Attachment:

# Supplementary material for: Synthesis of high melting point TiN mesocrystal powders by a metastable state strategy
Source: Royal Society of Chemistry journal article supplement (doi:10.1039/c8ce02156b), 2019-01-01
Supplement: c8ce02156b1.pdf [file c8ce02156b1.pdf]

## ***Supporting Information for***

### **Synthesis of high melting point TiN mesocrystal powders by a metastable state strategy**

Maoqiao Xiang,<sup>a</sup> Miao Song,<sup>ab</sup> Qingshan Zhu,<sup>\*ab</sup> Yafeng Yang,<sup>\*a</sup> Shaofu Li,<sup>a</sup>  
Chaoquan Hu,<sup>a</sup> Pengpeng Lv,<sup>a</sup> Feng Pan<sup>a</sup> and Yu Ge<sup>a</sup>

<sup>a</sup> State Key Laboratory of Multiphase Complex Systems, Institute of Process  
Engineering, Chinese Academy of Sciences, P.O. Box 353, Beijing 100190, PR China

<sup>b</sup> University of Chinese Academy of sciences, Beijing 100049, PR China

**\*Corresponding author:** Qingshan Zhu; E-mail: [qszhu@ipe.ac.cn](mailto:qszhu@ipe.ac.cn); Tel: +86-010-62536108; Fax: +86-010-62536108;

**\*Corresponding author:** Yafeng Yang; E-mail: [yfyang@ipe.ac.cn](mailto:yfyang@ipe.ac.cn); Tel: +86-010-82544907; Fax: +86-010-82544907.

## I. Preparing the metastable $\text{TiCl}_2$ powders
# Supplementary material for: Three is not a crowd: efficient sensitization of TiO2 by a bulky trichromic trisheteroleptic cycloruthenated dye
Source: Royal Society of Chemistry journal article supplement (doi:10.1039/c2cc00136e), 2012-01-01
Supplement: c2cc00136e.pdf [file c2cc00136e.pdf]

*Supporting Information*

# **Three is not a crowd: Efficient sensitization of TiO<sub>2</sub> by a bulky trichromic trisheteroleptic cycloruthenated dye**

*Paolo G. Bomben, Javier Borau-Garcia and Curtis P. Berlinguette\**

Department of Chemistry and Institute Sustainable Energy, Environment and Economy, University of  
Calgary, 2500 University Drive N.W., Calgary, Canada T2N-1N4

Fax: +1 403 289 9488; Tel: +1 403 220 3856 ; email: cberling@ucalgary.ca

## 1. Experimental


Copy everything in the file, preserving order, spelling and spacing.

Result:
# Supplementary material for: Synthesis of high melting point TiN mesocrystal powders by a metastable state strategy
Source: Royal Society of Chemistry journal article supplement (doi:10.1039/c8ce02156b), 2019-01-01
Supplement: c8ce02156b1.pdf [file c8ce02156b1.pdf]

## ***Supporting Information for***

### **Synthesis of high melting point TiN mesocrystal powders by a metastable state strategy**

Maoqiao Xiang,<sup>a</sup> Miao Song,<sup>ab</sup> Qingshan Zhu,<sup>\*ab</sup> Yafeng Yang,<sup>\*a</sup> Shaofu Li,<sup>a</sup>  
Chaoquan Hu,<sup>a</sup> Pengpeng Lv,<sup>a</sup> Feng Pan<sup>a</sup> and Yu Ge<sup>a</sup>

<sup>a</sup> State Key Laboratory of Multiphase Complex Systems, Institute of Process  
Engineering, Chinese Academy of Sciences, P.O. Box 353, Beijing 100190, PR China

<sup>b</sup> University of Chinese Academy of sciences, Beijing 100049, PR China

**\*Corresponding author:** Qingshan Zhu; E-mail: [qszhu@ipe.ac.cn](mailto:qszhu@ipe.ac.cn); Tel: +86-010-62536108; Fax: +86-010-62536108;

**\*Corresponding author:** Yafeng Yang; E-mail: [yfyang@ipe.ac.cn](mailto:yfyang@ipe.ac.cn); Tel: +86-010-82544907; Fax: +86-010-82544907.

## I. Preparing the metastable $\text{TiCl}_2$ powders
# Supplementary material for: Three is not a crowd: efficient sensitization of TiO2 by a bulky trichromic trisheteroleptic cycloruthenated dye
Source: Royal Society of Chemistry journal article supplement (doi:10.1039/c2cc00136e), 2012-01-01
Supplement: c2cc00136e.pdf [file c2cc00136e.pdf]

*Supporting Information*

# **Three is not a crowd: Efficient sensitization of TiO<sub>2</sub> by a bulky trichromic trisheteroleptic cycloruthenated dye**

*Paolo G. Bomben, Javier Borau-Garcia and Curtis P. Berlinguette\**

Department of Chemistry and Institute Sustainable Energy, Environment and Economy, University of  
Calgary, 2500 University Drive N.W., Calgary, Canada T2N-1N4

Fax: +1 403 289 9488; Tel: +1 403 220 3856 ; email: cberling@ucalgary.ca

## 1. Experimental